Hand and Wrist Surgery

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Certain hand and finger conditions may require surgery – especially if conservative treatment options have not been successful. For example, a trigger finger may need to be released if anti-inflammatory medications and cortisone injections prove ineffective. Dupuytren’s Contractures may also require surgery to remove the scar tissue that prevents the fingers from straightening.

Hand and Wrist Surgery

Before Surgery

Hand and finger surgeries like trigger finger or Dupuytren’s contracture releases are outpatient procedures, which means you do not have to stay overnight in the hospital. For these procedures, you will arrive at the facility about an hour before your actual surgery time. Our staff will check you in and conduct a brief health check by listening to your heart and lungs and checking your blood pressure, pulse, and temperature. We will then start an IV to give you fluids and medications. The anesthesia staff will discuss your options for medications during surgery. Often times, a sedative medication will be given which relaxes you but allows you to be awake during the procedure, however most patients do not recall any details of their time in the operating room. Your surgery time can vary depending on how much needs to be done, but can last anywhere from 30 minutes to an hour.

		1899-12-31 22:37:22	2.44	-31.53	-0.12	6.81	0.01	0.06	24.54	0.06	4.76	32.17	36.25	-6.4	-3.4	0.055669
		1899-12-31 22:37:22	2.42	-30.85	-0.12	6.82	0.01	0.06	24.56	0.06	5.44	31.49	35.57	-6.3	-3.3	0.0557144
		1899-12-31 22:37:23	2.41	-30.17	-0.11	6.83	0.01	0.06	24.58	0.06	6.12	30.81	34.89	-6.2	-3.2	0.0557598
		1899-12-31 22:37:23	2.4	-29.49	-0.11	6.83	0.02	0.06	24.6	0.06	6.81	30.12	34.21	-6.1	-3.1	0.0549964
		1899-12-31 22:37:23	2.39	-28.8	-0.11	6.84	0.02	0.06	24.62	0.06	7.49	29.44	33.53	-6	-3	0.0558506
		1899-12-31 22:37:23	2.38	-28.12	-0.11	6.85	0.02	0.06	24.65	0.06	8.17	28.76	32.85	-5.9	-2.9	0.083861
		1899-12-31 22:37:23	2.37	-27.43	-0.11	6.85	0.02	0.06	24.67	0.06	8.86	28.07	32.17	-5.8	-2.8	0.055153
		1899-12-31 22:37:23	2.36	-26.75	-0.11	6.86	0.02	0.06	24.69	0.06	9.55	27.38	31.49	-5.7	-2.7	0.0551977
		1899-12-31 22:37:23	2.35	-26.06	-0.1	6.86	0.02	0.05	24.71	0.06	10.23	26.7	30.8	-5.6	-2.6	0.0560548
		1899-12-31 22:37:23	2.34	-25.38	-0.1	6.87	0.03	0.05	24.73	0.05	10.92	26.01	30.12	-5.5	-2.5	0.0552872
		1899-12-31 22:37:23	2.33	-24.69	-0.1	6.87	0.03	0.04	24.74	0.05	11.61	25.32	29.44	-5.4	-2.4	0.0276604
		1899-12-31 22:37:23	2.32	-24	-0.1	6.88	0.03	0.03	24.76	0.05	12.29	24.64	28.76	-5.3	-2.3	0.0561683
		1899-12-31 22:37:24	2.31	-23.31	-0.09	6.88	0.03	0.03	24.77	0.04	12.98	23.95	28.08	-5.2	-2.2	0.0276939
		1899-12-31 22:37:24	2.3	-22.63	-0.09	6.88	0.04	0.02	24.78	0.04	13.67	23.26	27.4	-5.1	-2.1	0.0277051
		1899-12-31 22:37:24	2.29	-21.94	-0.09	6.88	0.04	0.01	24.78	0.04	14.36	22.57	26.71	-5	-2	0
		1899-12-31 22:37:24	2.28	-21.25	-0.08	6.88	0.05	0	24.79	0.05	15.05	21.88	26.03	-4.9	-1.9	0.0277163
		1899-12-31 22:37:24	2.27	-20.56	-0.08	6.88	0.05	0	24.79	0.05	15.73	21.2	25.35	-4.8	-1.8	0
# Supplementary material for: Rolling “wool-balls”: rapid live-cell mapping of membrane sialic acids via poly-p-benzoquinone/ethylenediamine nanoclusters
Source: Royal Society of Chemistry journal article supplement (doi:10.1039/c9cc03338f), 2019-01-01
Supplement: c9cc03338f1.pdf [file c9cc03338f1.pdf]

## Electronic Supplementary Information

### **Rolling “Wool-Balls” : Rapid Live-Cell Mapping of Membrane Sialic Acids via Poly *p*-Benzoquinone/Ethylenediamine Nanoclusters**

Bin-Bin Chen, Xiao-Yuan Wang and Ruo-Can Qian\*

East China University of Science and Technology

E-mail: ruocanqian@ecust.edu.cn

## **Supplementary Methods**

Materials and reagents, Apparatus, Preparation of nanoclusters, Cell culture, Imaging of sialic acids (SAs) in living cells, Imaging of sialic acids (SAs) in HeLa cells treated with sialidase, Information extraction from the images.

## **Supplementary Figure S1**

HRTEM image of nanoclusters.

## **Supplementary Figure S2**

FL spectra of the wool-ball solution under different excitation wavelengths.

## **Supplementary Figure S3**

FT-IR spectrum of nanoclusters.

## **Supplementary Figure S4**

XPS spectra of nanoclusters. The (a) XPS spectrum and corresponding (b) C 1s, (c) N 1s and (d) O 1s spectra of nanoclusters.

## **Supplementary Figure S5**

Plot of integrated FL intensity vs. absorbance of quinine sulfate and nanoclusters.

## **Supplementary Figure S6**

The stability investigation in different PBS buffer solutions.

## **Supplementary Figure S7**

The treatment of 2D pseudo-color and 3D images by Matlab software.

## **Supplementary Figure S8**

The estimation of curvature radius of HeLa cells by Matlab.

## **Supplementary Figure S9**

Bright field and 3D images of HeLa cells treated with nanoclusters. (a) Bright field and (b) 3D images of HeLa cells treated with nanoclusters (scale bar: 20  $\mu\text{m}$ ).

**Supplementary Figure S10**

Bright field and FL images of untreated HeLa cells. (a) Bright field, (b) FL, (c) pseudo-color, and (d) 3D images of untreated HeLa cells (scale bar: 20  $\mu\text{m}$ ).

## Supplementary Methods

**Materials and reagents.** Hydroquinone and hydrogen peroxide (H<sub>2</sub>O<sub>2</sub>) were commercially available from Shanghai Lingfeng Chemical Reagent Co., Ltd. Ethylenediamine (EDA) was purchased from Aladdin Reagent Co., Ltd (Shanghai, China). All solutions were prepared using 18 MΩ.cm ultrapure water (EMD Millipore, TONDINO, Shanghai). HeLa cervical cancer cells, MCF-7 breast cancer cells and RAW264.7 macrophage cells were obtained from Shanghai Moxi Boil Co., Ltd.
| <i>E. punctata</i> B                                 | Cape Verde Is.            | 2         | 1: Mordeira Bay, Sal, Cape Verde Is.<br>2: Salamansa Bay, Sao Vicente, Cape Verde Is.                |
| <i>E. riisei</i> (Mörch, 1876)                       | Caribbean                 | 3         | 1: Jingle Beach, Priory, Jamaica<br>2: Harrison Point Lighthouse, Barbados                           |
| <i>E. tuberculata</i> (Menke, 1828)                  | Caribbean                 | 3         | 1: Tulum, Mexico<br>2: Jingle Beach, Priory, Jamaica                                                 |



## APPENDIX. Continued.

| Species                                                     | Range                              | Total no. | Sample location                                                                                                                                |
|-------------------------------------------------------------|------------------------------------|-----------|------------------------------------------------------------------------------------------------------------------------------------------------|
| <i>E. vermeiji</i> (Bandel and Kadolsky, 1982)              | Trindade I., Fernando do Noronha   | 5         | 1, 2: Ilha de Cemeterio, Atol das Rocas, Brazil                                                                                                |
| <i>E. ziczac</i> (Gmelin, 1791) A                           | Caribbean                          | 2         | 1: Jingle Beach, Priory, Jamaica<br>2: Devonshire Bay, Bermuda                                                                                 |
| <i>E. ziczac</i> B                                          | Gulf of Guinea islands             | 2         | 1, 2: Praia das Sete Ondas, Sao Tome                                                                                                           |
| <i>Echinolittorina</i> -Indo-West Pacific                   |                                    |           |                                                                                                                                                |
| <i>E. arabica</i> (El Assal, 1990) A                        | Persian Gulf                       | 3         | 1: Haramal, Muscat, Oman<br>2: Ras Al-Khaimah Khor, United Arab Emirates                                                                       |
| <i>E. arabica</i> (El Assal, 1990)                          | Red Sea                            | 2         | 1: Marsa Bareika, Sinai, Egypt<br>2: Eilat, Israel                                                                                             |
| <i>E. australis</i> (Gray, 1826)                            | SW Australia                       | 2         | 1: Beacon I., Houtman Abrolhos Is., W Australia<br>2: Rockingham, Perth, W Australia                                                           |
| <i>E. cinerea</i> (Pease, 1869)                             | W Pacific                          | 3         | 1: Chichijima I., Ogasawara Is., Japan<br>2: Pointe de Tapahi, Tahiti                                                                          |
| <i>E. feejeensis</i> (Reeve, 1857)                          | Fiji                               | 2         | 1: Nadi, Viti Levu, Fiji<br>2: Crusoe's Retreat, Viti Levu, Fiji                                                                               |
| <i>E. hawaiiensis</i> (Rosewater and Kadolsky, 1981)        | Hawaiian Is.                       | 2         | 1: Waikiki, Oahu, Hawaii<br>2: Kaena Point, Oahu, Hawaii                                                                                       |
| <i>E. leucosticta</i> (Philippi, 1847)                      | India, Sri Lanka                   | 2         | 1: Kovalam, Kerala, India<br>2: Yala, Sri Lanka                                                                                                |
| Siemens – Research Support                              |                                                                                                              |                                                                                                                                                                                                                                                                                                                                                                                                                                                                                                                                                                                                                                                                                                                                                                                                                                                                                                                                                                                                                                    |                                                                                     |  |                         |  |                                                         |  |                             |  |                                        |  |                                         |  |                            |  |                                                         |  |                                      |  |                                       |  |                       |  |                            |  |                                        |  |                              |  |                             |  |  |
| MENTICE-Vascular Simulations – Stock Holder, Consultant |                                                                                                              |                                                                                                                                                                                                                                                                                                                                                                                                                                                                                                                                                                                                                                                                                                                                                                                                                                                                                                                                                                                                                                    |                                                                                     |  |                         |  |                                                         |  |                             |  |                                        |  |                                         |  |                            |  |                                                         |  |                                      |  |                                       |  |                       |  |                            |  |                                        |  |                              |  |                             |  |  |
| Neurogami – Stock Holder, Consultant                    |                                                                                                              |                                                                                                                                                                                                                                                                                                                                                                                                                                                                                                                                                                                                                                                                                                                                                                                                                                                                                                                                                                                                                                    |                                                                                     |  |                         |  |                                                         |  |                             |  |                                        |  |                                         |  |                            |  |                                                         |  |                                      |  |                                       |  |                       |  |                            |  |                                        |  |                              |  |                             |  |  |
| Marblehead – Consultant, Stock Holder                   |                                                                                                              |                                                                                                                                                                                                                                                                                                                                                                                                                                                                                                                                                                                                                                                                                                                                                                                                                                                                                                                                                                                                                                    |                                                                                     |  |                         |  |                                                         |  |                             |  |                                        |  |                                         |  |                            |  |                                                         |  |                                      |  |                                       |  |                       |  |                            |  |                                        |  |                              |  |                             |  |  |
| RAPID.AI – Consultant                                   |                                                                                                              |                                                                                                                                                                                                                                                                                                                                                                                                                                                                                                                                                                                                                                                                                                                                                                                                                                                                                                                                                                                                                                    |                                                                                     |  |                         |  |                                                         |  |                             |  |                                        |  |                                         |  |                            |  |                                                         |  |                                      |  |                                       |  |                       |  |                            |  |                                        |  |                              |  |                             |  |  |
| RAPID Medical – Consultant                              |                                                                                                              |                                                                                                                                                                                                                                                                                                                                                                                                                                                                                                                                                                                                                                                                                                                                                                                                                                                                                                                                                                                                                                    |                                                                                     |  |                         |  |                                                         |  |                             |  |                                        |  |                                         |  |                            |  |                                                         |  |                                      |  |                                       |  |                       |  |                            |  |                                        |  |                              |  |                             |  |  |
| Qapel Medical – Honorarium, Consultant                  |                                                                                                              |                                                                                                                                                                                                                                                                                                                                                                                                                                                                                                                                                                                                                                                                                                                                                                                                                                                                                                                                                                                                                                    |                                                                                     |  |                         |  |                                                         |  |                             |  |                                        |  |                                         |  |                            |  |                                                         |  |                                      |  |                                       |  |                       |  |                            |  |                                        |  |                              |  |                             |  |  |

During Surgery

Once you are rolled into the operating room, you will get moved to the operating table with your arm outstretched. A sheet will be placed between you and your hand to block your view. Your hand will be placed in a holder to keep your fingers in place and out of the way of your surgeon. A tourniquet will be applied to your arm to prevent blood from flowing into the arm while the surgeon is operating. This may be slightly uncomfortable but most patients say it feels like their arm is asleep. A local anesthetic will be injected into the area so you will not feel anything during the procedure. When the hand is fully numb your surgeon will make an incision in the skin to allow access to the affected area.  Your surgeon will usually fix any repairable damage they find, even if it was not expected before surgery. A Physician Assistant (PA) often helps your surgeon throughout surgery and understands everything that was done during your surgery.

After Surgery

After surgery, your surgeon will explain what they found in the operating room to your family and discuss any limitations you will have in using your hand. Your hand will have a bulky dressing on it that will need to remain in place for the first few days. After that time, you will be instructed on when and how to change the dressing. Usually, your surgeon will ask you to just rest and recover for a few days after surgery. As you can imagine, it can be difficult to care for yourself after a hand surgery, and you may find you need extra help. Your surgeon will be sure to tell your family if you have any specific restrictions after surgery.